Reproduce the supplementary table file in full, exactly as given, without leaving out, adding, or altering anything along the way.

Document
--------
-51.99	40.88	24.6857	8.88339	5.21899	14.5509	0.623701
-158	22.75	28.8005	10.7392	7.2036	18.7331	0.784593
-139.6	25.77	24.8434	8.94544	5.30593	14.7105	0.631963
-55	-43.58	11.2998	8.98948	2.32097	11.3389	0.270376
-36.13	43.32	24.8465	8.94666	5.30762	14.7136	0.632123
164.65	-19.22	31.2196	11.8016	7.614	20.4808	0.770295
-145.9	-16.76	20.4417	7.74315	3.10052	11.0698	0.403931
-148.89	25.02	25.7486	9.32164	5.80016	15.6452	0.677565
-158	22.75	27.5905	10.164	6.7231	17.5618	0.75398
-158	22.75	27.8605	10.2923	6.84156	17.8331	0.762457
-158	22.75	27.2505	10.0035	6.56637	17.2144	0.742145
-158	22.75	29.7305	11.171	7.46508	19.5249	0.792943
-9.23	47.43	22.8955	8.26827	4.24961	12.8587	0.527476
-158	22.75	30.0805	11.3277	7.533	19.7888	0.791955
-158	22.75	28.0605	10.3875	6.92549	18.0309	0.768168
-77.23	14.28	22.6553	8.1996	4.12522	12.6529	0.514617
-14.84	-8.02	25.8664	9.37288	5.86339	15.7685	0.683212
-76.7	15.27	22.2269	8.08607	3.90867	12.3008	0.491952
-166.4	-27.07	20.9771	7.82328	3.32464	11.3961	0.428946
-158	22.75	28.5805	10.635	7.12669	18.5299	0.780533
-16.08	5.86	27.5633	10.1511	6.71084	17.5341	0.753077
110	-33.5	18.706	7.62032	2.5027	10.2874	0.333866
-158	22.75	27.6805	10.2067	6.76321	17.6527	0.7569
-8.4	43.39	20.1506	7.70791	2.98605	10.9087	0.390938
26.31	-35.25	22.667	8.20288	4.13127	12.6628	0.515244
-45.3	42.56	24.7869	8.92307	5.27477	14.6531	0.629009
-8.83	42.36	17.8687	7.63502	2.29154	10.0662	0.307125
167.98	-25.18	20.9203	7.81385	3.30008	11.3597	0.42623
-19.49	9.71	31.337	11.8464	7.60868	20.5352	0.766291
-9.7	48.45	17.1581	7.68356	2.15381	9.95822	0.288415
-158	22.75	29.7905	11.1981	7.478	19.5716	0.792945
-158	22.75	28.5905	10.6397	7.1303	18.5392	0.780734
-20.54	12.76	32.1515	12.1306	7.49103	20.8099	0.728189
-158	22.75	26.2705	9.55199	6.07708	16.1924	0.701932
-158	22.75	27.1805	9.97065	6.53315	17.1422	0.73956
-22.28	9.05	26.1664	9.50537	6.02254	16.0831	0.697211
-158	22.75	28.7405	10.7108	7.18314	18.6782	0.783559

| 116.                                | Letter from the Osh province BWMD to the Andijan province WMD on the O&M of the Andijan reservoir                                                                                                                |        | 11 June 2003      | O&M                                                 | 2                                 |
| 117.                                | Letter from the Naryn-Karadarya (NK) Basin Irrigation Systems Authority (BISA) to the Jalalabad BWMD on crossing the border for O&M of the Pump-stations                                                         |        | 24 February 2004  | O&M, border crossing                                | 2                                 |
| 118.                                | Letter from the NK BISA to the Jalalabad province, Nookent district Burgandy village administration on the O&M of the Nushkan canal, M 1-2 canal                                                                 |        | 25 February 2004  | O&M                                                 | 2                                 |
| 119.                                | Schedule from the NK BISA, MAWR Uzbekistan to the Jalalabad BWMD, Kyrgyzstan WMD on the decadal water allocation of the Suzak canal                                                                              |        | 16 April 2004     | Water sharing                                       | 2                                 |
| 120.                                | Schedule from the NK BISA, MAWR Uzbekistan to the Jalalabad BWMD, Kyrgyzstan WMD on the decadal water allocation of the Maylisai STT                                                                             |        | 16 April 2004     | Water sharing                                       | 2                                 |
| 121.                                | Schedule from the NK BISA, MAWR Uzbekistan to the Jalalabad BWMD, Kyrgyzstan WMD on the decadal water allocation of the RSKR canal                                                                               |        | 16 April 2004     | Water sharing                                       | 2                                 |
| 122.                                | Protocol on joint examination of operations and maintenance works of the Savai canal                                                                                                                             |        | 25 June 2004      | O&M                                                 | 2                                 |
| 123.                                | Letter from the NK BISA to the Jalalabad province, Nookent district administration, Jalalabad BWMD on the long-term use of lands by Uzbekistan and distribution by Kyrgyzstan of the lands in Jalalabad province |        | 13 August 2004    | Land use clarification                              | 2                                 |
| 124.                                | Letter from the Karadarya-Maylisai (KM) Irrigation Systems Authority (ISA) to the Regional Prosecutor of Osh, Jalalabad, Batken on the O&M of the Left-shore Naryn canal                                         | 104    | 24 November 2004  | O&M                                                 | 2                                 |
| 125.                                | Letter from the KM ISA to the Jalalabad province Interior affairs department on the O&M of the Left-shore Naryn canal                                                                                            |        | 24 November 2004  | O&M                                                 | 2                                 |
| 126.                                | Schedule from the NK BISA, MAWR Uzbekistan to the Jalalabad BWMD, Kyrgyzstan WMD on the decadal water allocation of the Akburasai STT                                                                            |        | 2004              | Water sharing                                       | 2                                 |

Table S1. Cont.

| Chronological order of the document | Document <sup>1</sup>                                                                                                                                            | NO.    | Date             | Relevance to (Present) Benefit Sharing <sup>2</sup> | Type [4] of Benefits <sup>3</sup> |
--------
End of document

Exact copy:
-51.99	40.88	24.6857	8.88339	5.21899	14.5509	0.623701
-158	22.75	28.8005	10.7392	7.2036	18.7331	0.784593
-139.6	25.77	24.8434	8.94544	5.30593	14.7105	0.631963
-55	-43.58	11.2998	8.98948	2.32097	11.3389	0.270376
-36.13	43.32	24.8465	8.94666	5.30762	14.7136	0.632123
164.65	-19.22	31.2196	11.8016	7.614	20.4808	0.770295
-145.9	-16.76	20.4417	7.74315	3.10052	11.0698	0.403931
-148.89	25.02	25.7486	9.32164	5.80016	15.6452	0.677565
-158	22.75	27.5905	10.164	6.7231	17.5618	0.75398
-158	22.75	27.8605	10.2923	6.84156	17.8331	0.762457
-158	22.75	27.2505	10.0035	6.56637	17.2144	0.742145
-158	22.75	29.7305	11.171	7.46508	19.5249	0.792943
-9.23	47.43	22.8955	8.26827	4.24961	12.8587	0.527476
-158	22.75	30.0805	11.3277	7.533	19.7888	0.791955
-158	22.75	28.0605	10.3875	6.92549	18.0309	0.768168
-77.23	14.28	22.6553	8.1996	4.12522	12.6529	0.514617
-14.84	-8.02	25.8664	9.37288	5.86339	15.7685	0.683212
-76.7	15.27	22.2269	8.08607	3.90867	12.3008	0.491952
-166.4	-27.07	20.9771	7.82328	3.32464	11.3961	0.428946
-158	22.75	28.5805	10.635	7.12669	18.5299	0.780533
-16.08	5.86	27.5633	10.1511	6.71084	17.5341	0.753077
110	-33.5	18.706	7.62032	2.5027	10.2874	0.333866
-158	22.75	27.6805	10.2067	6.76321	17.6527	0.7569
-8.4	43.39	20.1506	7.70791	2.98605	10.9087	0.390938
26.31	-35.25	22.667	8.20288	4.13127	12.6628	0.515244
-45.3	42.56	24.7869	8.92307	5.27477	14.6531	0.629009
-8.83	42.36	17.8687	7.63502	2.29154	10.0662	0.307125
167.98	-25.18	20.9203	7.81385	3.30008	11.3597	0.42623
-19.49	9.71	31.337	11.8464	7.60868	20.5352	0.766291
-9.7	48.45	17.1581	7.68356	2.15381	9.95822	0.288415
-158	22.75	29.7905	11.1981	7.478	19.5716	0.792945
-158	22.75	28.5905	10.6397	7.1303	18.5392	0.780734
-20.54	12.76	32.1515	12.1306	7.49103	20.8099	0.728189
-158	22.75	26.2705	9.55199	6.07708	16.1924	0.701932
-158	22.75	27.1805	9.97065	6.53315	17.1422	0.73956
-22.28	9.05	26.1664	9.50537	6.02254	16.0831	0.697211
-158	22.75	28.7405	10.7108	7.18314	18.6782	0.783559

| 116.                                | Letter from the Osh province BWMD to the Andijan province WMD on the O&M of the Andijan reservoir                                                                                                                |        | 11 June 2003      | O&M                                                 | 2                                 |
| 117.                                | Letter from the Naryn-Karadarya (NK) Basin Irrigation Systems Authority (BISA) to the Jalalabad BWMD on crossing the border for O&M of the Pump-stations                                                         |        | 24 February 2004  | O&M, border crossing                                | 2                                 |
| 118.                                | Letter from the NK BISA to the Jalalabad province, Nookent district Burgandy village administration on the O&M of the Nushkan canal, M 1-2 canal                                                                 |        | 25 February 2004  | O&M                                                 | 2                                 |
| 119.                                | Schedule from the NK BISA, MAWR Uzbekistan to the Jalalabad BWMD, Kyrgyzstan WMD on the decadal water allocation of the Suzak canal                                                                              |        | 16 April 2004     | Water sharing                                       | 2                                 |
| 120.                                | Schedule from the NK BISA, MAWR Uzbekistan to the Jalalabad BWMD, Kyrgyzstan WMD on the decadal water allocation of the Maylisai STT                                                                             |        | 16 April 2004     | Water sharing                                       | 2                                 |
| 121.                                | Schedule from the NK BISA, MAWR Uzbekistan to the Jalalabad BWMD, Kyrgyzstan WMD on the decadal water allocation of the RSKR canal                                                                               |        | 16 April 2004     | Water sharing                                       | 2                                 |
| 122.                                | Protocol on joint examination of operations and maintenance works of the Savai canal                                                                                                                             |        | 25 June 2004      | O&M                                                 | 2                                 |
| 123.                                | Letter from the NK BISA to the Jalalabad province, Nookent district administration, Jalalabad BWMD on the long-term use of lands by Uzbekistan and distribution by Kyrgyzstan of the lands in Jalalabad province |        | 13 August 2004    | Land use clarification                              | 2                                 |
| 124.                                | Letter from the Karadarya-Maylisai (KM) Irrigation Systems Authority (ISA) to the Regional Prosecutor of Osh, Jalalabad, Batken on the O&M of the Left-shore Naryn canal                                         | 104    | 24 November 2004  | O&M                                                 | 2                                 |
| 125.                                | Letter from the KM ISA to the Jalalabad province Interior affairs department on the O&M of the Left-shore Naryn canal                                                                                            |        | 24 November 2004  | O&M                                                 | 2                                 |
| 126.                                | Schedule from the NK BISA, MAWR Uzbekistan to the Jalalabad BWMD, Kyrgyzstan WMD on the decadal water allocation of the Akburasai STT                                                                            |        | 2004              | Water sharing                                       | 2                                 |

Table S1. Cont.

| Chronological order of the document | Document <sup>1</sup>                                                                                                                                            | NO.    | Date             | Relevance to (Present) Benefit Sharing <sup>2</sup> | Type [4] of Benefits <sup>3</sup> |